Understanding Human Trafficking
Greetings dear readers. With so much happening in the world around us these days it is also important to also take some time to disect some critical issues that affect our society.
The Will of Hope is a Trust working on raising awareness on the issue of human trafficking in the country.
You must be thinking to yourself... what... I only heard of drug trafficking and perhaps only a bit of human trafficking.
Well that is the reason this esteemed Trust has decided to engage me, an experienced journalist who has travelled to three continents and also been attached to the United Nations headquarters to bring you a series of features through various forms of media to raise awareness on this topic. Today we will begin by getting an understanding of the topic. Human trafficking is a global problem. It affects every continent and most countries.
Africa is predominantly an origin for victims of human trafficking and Asia is an origin and destination region.
Finding a solution for this multi-layered process has been tricky.
But in the year 2000, after several years of negotiation, the UN put forward the “Protocol to Prevent, Suppress and Punish Trafficking in Persons especially women and children. For the first time, the international community agreed to a definition of trafficking.
The Protocol, which came into force on December 25, 2003 defines human trafficking as “the action of recruitment, transportation, transfer, harbouring, or receipt of persons by means of threat or use of force, coercion, abduction, fraud, deception, abuse of power or vulnerability or giving payments or benefits to a person in control of the victim for the purposes of exploitation, which includes exploiting the prostitution of others, sexual exploitation, forced labour, slavery or similar practices, and the removal of organs. (Bales, Trodd and Williamson 2009)”.
Around 800 000 men, women and children are trafficked each year across international borders into slavery, and human trafficking is now the third largest source of income for organised crime after drug smuggling and arms smuggling.
Of the 800 000 victims, around 80% are female and 50% are children.
HUMAN TRAFFICKING IN SWAZILAND
Swaziland has been identified as a source, transit and destination location for people who are conducting human trafficking activities. In November 2009, the government of Swaziland defined human trafficking as a serious crime that has very harmful effects and passed a law to deal with this problem. The name of the law is the People Trafficking and People Smuggling (Prohibition) Act of 2009.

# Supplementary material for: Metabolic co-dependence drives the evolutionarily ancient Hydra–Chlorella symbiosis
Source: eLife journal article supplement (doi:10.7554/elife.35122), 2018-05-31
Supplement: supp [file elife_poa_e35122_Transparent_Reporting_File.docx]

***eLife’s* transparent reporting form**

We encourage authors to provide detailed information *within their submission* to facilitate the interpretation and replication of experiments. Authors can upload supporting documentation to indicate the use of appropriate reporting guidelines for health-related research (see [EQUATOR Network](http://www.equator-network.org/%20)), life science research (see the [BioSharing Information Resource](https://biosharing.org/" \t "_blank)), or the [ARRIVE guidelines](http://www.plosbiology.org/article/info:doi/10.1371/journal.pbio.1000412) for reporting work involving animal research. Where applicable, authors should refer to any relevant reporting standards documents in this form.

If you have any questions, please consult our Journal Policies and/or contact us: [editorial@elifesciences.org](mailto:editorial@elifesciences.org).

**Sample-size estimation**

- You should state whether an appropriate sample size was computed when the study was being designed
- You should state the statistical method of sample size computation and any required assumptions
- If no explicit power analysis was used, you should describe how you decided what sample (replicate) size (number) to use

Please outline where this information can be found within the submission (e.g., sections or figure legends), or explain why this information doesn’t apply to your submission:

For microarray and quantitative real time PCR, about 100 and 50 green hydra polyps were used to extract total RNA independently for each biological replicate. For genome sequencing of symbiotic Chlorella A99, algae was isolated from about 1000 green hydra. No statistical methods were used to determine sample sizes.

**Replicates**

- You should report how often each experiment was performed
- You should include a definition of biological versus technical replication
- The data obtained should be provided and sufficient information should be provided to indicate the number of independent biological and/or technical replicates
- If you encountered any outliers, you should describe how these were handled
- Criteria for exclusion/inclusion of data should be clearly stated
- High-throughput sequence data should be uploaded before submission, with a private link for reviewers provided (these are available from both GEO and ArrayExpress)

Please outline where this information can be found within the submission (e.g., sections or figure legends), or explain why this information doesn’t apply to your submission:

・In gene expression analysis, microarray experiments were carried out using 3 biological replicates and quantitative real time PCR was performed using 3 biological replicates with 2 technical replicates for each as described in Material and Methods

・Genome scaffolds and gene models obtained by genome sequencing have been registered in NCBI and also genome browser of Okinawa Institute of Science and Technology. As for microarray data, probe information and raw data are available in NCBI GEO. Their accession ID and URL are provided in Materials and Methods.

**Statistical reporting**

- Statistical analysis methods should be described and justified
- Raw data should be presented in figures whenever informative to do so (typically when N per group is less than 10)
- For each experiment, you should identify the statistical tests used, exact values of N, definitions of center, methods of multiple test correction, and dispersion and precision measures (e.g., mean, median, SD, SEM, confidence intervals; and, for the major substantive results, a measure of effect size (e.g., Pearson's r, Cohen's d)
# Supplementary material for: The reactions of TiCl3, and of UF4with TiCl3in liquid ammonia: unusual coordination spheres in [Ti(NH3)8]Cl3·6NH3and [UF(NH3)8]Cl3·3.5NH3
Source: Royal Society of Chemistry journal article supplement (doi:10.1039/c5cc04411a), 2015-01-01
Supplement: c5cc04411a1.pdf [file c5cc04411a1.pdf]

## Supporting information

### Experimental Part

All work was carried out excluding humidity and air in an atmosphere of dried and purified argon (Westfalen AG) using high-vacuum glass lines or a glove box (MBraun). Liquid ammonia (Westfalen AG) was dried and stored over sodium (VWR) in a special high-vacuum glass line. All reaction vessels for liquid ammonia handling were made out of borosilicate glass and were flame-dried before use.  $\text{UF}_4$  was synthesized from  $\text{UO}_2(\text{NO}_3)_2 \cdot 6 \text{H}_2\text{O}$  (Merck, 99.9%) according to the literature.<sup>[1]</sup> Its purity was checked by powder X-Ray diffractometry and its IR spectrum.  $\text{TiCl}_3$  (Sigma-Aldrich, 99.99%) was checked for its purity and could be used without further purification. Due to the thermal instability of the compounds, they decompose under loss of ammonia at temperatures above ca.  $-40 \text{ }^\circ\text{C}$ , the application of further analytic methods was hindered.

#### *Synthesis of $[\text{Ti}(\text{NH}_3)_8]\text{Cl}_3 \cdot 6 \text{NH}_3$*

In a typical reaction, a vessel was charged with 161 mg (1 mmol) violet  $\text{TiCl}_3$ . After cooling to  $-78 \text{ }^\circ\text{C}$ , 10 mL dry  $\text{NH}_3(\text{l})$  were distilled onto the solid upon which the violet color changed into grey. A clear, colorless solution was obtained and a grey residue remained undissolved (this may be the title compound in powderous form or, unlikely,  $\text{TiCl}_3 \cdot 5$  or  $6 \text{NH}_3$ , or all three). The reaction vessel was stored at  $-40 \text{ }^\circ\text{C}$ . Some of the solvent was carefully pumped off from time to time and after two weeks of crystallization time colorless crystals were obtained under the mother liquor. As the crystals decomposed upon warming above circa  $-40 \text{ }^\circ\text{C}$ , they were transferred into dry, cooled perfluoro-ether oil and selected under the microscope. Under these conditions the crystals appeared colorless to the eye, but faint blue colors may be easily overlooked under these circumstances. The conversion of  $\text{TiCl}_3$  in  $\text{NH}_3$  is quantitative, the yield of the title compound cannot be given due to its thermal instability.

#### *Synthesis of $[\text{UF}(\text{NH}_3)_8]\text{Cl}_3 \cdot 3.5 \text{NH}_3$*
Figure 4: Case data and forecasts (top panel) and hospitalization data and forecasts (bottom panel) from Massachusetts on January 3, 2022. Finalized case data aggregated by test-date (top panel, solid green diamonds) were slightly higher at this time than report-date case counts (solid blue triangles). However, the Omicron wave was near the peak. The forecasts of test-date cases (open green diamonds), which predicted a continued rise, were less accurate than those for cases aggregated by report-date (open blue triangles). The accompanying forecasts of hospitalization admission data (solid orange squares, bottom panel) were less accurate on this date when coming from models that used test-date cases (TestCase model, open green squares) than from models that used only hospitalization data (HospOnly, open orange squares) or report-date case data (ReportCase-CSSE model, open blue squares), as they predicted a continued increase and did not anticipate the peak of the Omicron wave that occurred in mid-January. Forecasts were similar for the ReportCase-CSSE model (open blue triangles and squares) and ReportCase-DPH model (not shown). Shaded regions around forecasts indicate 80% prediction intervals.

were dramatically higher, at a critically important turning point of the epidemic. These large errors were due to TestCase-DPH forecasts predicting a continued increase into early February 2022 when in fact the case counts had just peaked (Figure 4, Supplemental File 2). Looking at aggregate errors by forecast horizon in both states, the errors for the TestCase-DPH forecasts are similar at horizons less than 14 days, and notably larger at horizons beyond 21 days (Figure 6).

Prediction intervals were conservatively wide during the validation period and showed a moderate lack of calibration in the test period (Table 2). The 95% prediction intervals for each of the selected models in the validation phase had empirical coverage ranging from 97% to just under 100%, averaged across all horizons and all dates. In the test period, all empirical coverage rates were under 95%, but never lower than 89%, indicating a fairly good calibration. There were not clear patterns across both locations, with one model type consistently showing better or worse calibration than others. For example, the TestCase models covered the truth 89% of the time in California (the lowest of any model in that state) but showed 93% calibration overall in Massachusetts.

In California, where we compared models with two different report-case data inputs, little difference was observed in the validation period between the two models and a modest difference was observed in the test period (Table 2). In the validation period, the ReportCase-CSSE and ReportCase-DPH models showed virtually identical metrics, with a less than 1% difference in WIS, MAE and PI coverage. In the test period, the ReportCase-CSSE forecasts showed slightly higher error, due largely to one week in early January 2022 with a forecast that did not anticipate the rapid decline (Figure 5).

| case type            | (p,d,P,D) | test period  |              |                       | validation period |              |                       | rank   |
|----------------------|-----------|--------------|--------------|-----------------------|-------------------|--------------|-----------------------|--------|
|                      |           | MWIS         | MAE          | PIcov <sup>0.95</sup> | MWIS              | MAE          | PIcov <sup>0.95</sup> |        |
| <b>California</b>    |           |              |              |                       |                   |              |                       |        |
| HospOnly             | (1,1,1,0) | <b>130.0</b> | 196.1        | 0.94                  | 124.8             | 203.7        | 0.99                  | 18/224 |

Unfortunately in Swaziland, human trafficking has not been well researched and is hardly documented. Reference to Swaziland as being the site of human trafficking activities has been through reports conducted in the region or that which relates to countries such as Mozambique and Swaziland which share borders and where a greater awareness of the phenomenon exists. On the other hand, the media in Swaziland and abroad have published certain instances of Swazi women, men and children being trafficked. The US State Department Human Rights report (2010) indicated that Swazi women are trafficked to South Africa for the purpose of forced cohabitation often involving sexual abuse.
The police and immigration department have also reported an increase in women and children disappearing to neighbouring countries. Although, no research has been done in this regard, indications are that they are lured to employment or taken through false marriages in which they find themselves working as sex slaves.
The government of Swaziland passed a law on human trafficking in November 2009 in an effort to curd human trafficking within the borders of Swaziland. The law is known as the People Trafficking and People Smuggling (Prohibition) Act of 2009. It applies to all cases of human trafficking and smuggling.
The law, which came into effect March 1, 2010 further states that cases of human trafficking or smuggling that take place on any aeroplane or ship registered in Swaziland or which are done by a citizen or permanent resident of Swaziland on any aeroplane or ship or any place outside the country can be dealt with by the law as if they were committed in Swaziland. Join me again next week Monday as I discuss more on this topic, especially how it affects us as Swazis. Hope you are on board and feel free to interact with me on this topic on my email address and also state what else you would like to know about this issue.
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